California’s law on the age to leave child home alone

California’s law on the age to leave child home alone


By Joshua Jones

In today’s busy and expensive society, it is not unusual for both parents in a household to work. Parents are often faced with the dilemma of leaving children alone for some part of the day to meet their own work obligations. Given the level of crime our society faces, including home invasions, parents may wonder what the appropriate minimum age is that a child should be before he is left home alone. The answer is not simple.

  1. No Minimum Age

    • The state of California does not have a statute or regulation specifying the minimum age a child must be before he can be left home alone. However, California does have a system of child welfare that includes neglect of a child as an issue. Leaving a child home alone who is not ready could result in an allegation of child neglect, leading to review by Child Welfare Services.

    Child Welfare Services

    • California has a Child Welfare Services agency for every county. CWS is guided by the Children’s Services Operations Bureau, a division of the California Department of Social Services. CWS takes reports of child abuse and neglect and then investigates those complaints.

    Definition of Neglect in California

    • In California, there are two types of child neglect charges. The first is general neglect, which according to the Legislative Analyst Office “is the negligent failure of a parent/guardian or caretaker to provide adequate food, clothing, shelter, or supervision where no physical injury to the child has occurred.” The second is severe neglect, which refers to “those situations of neglect where the child’s health is endangered, including severe malnutrition.” Depending on the age of a child, length of time a child is left alone and whether there are resultant injuries, most instances of latch-key kids would fall under general neglect.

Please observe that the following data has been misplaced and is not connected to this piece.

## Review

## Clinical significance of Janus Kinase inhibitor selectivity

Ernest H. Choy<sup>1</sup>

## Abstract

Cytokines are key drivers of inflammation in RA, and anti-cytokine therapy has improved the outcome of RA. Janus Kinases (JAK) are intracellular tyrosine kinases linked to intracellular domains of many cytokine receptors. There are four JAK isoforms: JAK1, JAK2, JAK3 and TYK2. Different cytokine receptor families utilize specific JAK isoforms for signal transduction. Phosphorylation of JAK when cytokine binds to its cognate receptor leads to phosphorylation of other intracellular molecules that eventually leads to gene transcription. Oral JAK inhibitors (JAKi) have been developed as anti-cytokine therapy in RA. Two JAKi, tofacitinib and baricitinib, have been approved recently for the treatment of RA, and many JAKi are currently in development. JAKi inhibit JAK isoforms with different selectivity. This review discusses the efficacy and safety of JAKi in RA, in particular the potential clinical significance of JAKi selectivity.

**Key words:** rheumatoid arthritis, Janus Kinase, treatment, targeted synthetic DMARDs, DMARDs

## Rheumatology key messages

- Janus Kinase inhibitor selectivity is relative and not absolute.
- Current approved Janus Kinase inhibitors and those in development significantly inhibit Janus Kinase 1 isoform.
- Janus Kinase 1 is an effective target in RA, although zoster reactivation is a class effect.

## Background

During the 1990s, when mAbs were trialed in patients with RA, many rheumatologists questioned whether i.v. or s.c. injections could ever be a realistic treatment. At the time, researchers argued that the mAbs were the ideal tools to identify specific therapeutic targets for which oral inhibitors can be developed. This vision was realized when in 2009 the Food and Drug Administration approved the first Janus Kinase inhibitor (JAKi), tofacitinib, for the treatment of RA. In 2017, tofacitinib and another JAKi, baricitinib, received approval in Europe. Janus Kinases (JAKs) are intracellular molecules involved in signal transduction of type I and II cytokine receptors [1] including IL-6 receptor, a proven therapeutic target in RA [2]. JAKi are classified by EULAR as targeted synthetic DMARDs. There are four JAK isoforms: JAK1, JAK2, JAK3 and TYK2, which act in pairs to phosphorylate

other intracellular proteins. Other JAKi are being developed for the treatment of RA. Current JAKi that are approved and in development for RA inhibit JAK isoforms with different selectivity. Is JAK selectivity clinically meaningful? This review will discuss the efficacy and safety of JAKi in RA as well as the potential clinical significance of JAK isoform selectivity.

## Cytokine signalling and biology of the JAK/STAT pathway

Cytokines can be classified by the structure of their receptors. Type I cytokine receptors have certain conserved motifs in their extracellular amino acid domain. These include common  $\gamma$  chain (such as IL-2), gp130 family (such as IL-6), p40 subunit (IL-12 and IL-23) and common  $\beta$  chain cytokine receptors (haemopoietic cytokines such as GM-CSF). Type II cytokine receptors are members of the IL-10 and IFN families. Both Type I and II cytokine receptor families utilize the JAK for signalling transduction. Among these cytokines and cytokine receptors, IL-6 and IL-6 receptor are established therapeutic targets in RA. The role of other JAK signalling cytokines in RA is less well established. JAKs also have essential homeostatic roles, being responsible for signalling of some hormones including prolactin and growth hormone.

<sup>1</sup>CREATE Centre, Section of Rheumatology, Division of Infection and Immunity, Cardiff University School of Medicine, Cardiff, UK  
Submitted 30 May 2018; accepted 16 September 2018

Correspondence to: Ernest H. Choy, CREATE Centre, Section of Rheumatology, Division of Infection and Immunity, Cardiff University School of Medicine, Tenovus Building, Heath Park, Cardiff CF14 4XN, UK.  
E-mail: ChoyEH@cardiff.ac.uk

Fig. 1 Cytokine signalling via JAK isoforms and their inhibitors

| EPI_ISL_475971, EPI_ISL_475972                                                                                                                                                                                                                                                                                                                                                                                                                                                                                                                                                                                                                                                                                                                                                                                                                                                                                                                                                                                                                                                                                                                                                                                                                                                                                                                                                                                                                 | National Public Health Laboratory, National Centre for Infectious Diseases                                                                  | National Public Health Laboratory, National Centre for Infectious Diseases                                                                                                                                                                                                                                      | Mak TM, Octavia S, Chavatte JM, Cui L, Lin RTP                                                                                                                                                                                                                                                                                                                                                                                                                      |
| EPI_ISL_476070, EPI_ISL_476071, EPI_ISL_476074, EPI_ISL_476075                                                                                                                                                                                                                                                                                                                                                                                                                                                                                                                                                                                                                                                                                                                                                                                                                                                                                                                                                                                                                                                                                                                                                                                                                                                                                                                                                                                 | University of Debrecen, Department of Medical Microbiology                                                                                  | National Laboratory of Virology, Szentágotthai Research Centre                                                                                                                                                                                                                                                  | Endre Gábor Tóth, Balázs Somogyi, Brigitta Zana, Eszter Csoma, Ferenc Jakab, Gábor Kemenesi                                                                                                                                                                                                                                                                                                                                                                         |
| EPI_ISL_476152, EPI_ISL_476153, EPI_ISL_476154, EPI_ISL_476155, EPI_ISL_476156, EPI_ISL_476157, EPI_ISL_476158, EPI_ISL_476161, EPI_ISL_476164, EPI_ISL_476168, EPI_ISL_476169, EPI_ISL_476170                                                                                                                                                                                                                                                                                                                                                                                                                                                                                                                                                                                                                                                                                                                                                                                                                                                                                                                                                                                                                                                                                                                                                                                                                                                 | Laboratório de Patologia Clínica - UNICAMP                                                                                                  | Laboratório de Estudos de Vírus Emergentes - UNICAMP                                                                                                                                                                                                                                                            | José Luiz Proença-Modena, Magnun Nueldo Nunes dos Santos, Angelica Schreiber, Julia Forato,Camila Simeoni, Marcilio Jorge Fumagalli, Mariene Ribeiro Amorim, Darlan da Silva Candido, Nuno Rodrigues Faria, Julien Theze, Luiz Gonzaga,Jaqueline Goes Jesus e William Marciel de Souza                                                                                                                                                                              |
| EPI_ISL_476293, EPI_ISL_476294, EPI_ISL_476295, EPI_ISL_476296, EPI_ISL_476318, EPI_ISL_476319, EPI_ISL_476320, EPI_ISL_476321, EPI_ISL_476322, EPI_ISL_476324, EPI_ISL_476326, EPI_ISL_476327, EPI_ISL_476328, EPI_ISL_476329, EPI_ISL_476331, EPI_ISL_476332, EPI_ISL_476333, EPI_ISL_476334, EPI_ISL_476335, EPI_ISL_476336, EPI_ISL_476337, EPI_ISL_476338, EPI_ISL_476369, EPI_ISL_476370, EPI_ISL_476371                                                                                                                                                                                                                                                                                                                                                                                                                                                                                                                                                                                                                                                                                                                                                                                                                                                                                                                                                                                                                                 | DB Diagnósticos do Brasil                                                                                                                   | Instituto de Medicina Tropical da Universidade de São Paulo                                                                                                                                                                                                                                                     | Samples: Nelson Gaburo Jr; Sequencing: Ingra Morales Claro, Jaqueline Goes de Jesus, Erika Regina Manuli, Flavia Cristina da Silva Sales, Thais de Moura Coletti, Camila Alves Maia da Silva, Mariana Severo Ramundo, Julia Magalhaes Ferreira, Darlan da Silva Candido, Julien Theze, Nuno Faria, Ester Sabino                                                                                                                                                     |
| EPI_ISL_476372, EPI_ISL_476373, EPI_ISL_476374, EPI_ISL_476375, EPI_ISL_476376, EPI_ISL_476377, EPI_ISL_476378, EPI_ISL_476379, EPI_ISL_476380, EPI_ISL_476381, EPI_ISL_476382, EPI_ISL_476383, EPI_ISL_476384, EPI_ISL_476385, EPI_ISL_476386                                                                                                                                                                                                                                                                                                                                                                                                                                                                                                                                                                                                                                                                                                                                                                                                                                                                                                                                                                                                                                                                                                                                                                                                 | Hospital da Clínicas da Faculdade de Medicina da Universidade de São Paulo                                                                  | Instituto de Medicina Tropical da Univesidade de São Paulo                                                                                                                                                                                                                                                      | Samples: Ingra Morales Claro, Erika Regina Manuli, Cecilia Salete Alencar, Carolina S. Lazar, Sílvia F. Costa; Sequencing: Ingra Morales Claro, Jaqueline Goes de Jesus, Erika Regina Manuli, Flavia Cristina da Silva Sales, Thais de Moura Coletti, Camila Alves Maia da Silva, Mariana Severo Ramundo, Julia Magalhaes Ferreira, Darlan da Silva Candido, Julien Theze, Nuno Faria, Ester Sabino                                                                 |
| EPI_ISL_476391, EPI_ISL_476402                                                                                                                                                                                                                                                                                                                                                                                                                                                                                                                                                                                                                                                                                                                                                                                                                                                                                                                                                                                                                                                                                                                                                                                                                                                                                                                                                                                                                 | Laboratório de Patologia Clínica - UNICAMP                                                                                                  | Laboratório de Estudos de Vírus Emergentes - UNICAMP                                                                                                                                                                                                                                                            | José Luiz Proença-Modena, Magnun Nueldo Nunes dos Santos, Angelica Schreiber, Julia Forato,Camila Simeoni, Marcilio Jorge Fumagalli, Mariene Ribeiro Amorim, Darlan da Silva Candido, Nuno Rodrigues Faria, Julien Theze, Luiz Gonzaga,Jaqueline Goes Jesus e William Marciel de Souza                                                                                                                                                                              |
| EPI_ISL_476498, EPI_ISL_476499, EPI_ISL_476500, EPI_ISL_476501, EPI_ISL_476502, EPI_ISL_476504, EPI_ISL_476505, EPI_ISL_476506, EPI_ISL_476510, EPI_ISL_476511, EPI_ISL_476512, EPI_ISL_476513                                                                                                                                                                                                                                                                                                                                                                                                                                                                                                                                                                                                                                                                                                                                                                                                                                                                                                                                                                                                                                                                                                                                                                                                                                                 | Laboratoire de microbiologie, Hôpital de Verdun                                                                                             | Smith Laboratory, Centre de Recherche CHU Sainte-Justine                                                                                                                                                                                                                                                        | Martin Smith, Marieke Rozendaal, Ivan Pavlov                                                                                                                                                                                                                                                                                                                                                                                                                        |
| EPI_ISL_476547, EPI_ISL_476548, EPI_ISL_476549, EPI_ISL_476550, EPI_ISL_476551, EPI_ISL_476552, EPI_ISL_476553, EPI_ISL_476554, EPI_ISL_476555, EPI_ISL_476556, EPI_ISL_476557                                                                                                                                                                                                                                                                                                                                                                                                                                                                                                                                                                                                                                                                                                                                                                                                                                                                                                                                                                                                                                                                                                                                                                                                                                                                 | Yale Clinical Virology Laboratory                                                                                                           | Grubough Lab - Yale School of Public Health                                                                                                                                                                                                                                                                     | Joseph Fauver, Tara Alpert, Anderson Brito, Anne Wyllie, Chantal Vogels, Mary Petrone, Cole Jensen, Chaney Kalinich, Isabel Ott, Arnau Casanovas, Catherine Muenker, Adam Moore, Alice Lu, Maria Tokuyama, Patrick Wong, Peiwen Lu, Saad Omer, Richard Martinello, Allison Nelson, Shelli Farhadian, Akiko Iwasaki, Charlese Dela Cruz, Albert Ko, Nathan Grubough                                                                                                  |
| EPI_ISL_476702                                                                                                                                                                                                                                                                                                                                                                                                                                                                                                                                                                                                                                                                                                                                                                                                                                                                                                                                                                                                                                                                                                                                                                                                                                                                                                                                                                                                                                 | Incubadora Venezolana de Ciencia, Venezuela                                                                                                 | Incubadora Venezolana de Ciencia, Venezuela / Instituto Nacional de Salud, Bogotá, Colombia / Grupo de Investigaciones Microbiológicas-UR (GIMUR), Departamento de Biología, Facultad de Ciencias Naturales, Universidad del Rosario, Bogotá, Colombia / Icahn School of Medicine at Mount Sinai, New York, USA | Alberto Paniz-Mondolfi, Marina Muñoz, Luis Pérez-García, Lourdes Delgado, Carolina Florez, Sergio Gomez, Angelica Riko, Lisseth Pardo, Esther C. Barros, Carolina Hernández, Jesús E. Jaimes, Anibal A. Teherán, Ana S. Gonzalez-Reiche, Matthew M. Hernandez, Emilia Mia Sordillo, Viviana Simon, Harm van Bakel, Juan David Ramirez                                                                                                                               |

Details to Consider

    • According to advocacy groups, the age of 12 is the generally accepted age at which a child may be left alone. However, it is feasible that some children younger than 12 may be more mature than actual 12-year-olds. Perhaps this is why few states have adopted a hard-and-fast rule. To avoid a charge of neglect, a parent should consider the maturity of their child and make sure there is adequate food, shelter, clothing and supervision. A parent concerned about the possibility of neglect should ensure the basics, such as food, clothing and a way into the house, and that the child has backup supervision, such as a neighbor she could call in an emergency.


    • This article is for educational purposes only and should not be construed as legal advice. A parent or guardian should consult an attorney in his specific jurisdiction to ensure that his particular facts are acceptable to prevent a charge of child abuse or neglect.


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